The MGM moguls were careful to protect their contract big stars from controversy, and Tracy wished to conceal his relationship with Hepburn from his wife, so it was hidden from the public. The couple did not live together until the final years of Tracy's life. In Hollywood, however, the intimate nature of the Tracy-Hepburn partnership was an open secret. Angela Lansbury, who worked with the pair on State of the Union, later said: "We all knew, but nobody ever said anything. In those days it wasn't discussed." Tracy was not someone to express his emotions, but friend Betsy Drake believed he "was utterly dependent upon Hepburn." Tracy's infidelity apparently continued, however, and is reported to have included an affair with Gene Tierney during the making of Plymouth Adventure in 1952.
Neither Tracy nor his wife ever pursued a divorce, despite their estrangement. He told Joan Fontaine, "I can get a divorce whenever I want to, but my wife and Kate like things just as they are." Louise, meanwhile, reportedly commented: "I will be Mrs. Spencer Tracy until the day I die." Hepburn did not interfere, and never fought for marriage.
Tracy was an avowed Catholic, but his cousin, Jane Feely, said that he did not devoutly follow the religion: "he was often not a practical Catholic either. I would call him a spiritual Catholic." Garson Kanin, a friend of Tracy's for 25 years, described him as "a true believer" who respected his religion. At periods in his life, Tracy attended Mass regularly. Tracy did not believe actors should publicize their political views, but in 1940 lent his name to the "Hollywood for Roosevelt" committee and personally identified as a Democrat.
Tracy struggled with alcoholism throughout his adult life, an ailment that ran in his father's side of the family. Rather than being a steady drinker, as commonly thought, he was prone to periods of binging on alcohol. Loretta Young remarked that Tracy was "awful" when he was drunk, and he was twice arrested for his behavior while intoxicated. Because of this bad reaction to alcohol, Tracy regularly embarked on prolonged periods of sobriety, and developed an all-or-nothing routine. Hepburn commented that he could stop drinking for "months, even years at a time".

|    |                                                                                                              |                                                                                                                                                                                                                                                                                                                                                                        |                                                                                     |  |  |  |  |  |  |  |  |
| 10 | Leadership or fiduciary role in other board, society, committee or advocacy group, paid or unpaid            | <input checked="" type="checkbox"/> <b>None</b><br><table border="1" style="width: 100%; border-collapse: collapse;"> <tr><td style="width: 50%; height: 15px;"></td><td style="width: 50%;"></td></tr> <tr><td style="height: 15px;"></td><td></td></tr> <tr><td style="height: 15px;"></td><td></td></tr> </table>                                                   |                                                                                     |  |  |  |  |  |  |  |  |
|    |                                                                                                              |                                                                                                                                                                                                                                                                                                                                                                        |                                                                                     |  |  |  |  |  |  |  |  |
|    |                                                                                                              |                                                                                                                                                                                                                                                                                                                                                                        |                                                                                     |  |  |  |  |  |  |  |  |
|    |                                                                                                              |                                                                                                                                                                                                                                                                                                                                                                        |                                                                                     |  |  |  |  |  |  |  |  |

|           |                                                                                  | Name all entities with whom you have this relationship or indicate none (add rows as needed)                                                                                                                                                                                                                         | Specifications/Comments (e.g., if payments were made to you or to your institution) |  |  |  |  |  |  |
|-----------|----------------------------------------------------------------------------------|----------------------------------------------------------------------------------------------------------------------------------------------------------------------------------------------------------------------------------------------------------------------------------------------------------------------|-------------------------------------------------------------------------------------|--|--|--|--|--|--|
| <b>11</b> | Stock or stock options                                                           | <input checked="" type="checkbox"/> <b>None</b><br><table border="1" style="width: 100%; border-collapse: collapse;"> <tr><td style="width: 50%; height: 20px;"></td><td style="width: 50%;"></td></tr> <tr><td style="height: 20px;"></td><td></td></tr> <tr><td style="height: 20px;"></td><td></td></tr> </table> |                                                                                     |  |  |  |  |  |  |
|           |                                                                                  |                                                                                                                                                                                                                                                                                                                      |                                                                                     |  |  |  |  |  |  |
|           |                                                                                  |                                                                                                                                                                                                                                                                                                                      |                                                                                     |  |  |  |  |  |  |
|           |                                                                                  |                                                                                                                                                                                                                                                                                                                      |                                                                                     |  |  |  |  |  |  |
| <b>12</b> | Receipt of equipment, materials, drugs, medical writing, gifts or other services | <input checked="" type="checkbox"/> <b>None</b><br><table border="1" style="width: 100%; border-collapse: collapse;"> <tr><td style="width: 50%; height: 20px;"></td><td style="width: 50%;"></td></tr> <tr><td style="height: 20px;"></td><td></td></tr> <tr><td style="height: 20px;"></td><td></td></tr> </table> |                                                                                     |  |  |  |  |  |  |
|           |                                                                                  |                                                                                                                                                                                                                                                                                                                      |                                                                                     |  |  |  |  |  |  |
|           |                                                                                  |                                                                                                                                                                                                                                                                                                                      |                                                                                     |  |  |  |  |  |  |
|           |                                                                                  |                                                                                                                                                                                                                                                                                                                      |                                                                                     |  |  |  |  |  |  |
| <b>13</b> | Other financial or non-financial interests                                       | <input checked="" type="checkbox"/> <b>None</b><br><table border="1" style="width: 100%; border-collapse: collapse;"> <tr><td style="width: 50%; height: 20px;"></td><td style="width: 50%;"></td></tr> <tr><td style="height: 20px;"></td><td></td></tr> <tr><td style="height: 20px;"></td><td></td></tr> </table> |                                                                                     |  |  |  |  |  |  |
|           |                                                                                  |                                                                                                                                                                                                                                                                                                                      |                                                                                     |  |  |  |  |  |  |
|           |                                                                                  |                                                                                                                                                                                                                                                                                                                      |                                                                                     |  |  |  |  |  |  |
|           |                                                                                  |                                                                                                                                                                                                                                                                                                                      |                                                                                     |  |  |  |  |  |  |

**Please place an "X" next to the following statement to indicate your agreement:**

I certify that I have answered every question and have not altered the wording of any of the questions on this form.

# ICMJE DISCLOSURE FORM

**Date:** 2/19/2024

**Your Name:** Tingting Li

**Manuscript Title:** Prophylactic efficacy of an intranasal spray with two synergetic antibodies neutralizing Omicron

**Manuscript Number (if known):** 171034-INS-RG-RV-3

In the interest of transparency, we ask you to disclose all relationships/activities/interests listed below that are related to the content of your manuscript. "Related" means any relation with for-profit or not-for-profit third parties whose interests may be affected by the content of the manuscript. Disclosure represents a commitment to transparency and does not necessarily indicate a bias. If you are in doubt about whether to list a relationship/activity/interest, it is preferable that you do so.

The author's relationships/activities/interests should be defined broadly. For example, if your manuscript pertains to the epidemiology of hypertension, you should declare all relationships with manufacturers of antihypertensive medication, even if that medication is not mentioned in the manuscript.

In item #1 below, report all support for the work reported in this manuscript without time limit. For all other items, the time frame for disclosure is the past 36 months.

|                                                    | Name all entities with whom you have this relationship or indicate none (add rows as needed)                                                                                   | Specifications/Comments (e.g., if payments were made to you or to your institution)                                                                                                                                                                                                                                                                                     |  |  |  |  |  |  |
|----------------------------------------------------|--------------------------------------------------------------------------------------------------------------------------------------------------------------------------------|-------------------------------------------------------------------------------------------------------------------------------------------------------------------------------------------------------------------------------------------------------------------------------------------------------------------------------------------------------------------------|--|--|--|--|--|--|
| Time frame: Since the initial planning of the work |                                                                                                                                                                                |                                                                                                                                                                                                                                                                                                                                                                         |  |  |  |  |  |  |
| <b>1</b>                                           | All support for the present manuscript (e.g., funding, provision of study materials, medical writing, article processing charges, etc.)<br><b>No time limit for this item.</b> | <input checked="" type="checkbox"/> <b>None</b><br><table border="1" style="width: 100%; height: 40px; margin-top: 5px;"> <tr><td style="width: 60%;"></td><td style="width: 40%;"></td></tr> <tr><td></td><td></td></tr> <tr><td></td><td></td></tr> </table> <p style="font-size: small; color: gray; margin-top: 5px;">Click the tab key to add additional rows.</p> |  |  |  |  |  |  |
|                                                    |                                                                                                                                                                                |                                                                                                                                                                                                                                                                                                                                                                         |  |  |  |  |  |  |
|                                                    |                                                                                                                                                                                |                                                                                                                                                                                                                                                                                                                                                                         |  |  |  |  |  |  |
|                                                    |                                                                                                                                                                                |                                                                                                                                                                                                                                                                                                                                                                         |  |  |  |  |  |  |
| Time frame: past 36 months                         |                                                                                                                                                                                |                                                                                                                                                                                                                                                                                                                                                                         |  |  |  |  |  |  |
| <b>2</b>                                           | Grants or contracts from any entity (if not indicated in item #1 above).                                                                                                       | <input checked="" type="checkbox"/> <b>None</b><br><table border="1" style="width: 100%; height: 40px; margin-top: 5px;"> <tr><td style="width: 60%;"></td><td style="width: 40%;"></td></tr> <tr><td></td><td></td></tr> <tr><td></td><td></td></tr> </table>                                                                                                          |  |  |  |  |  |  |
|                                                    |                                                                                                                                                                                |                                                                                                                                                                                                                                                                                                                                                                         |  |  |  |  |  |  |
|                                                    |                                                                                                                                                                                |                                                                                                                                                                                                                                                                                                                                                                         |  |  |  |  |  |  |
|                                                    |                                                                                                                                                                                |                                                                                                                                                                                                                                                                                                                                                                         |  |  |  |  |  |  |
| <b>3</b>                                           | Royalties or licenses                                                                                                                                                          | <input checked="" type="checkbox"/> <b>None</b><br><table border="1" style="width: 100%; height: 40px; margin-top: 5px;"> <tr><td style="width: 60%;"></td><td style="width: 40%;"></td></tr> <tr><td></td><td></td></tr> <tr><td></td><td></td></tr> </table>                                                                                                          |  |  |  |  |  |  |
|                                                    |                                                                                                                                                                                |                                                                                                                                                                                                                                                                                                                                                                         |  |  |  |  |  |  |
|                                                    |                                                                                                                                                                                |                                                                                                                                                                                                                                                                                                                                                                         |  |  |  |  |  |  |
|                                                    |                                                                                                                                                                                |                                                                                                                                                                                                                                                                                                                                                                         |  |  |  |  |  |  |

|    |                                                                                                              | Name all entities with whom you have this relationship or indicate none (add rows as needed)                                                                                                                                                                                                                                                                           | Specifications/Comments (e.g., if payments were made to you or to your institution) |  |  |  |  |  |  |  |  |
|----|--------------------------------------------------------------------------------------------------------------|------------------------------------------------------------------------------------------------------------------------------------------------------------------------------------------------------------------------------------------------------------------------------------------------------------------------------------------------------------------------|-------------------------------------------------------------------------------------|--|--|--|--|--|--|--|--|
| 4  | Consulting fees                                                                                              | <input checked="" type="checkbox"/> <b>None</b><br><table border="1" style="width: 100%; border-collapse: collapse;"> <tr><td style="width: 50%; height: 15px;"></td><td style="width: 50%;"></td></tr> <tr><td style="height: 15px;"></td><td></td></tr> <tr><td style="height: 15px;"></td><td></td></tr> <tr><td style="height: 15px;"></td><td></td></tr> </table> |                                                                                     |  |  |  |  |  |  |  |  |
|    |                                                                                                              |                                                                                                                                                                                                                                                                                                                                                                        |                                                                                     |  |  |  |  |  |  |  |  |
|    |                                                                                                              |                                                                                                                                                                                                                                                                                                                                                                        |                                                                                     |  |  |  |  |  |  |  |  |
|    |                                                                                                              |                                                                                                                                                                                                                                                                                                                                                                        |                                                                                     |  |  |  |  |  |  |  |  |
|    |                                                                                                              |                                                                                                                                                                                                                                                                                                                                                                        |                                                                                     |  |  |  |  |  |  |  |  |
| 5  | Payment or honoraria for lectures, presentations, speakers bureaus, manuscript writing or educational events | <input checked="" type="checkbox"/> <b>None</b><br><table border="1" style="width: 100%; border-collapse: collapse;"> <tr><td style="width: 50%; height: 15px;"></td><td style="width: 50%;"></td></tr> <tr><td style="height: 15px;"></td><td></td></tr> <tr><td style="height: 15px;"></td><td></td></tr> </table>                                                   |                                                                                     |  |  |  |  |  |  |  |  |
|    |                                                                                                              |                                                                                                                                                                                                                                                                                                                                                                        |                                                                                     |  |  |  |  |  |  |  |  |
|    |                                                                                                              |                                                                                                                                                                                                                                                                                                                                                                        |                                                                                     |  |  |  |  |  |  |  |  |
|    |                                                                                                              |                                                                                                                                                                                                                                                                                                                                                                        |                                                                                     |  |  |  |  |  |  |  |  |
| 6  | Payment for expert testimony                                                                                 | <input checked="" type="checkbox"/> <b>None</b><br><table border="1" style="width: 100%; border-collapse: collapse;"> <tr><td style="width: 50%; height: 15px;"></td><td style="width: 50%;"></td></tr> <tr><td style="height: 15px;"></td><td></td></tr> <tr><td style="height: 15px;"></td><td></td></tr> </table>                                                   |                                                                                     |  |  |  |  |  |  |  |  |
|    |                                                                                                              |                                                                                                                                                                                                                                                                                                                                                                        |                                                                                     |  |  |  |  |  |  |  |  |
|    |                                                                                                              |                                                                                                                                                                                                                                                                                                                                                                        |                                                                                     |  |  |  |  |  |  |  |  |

Tracy was prone to bouts of depression and anxiety: he was described by Mrs. Tracy as having "the most volatile disposition I've ever seen—up in the clouds one minute and down in the depths the next. And when he's low, he's very, very low." He was plagued by insomnia throughout his life. As a result, Tracy became dependent on barbiturates to sleep, followed by dexedrine to function. Hepburn, who adopted a nursing role towards Tracy, was unable to understand her partner's unhappiness. She wrote in her autobiography: "What was it? ... Never at peace ... Tortured by some sort of guilt. Some terrible misery."
Illness and death
As he entered his sixties, years of drinking, smoking, taking pills and being overweight left Tracy in poor health. On July 21, 1963, he was hospitalized after a severe attack of breathlessness. Doctors found that he was suffering from pulmonary edema, where fluid accumulates in the lungs due to an inability of the heart to pump properly. They also declared his blood pressure as dangerously high. From this point on Tracy remained very weak, and Hepburn moved into his home to provide constant care. In January 1965, he was diagnosed with hypertensive heart disease, and began treatment for a previously ignored diagnosis of diabetes. Tracy almost died in September 1965: a stay in the hospital following a prostatectomy resulted in his kidneys failing, and he spent the night in a coma. His recovery was described by his doctor as "a kind of miracle".
Tracy spent the majority of the next two years at home with Hepburn, living what she described as a quiet life: reading, painting and listening to music. On June 10, 1967, Tracy awakened at 3:00 am to make himself a cup of tea in his apartment in Beverly Hills, California. Hepburn described in her autobiography how she followed him to the kitchen: "Just as I was about to give [the door] a push, there was a sound of a cup smashing to the floor—then clump—a loud clump." She entered the room to find Tracy dead from a heart attack. Hepburn recalled, "He looked so happy to be done with living, which for all his accomplishments had been a frightful burden for him." MGM publicist Howard Strickling told the media that Tracy had been alone when he died, and was found by his housekeeper.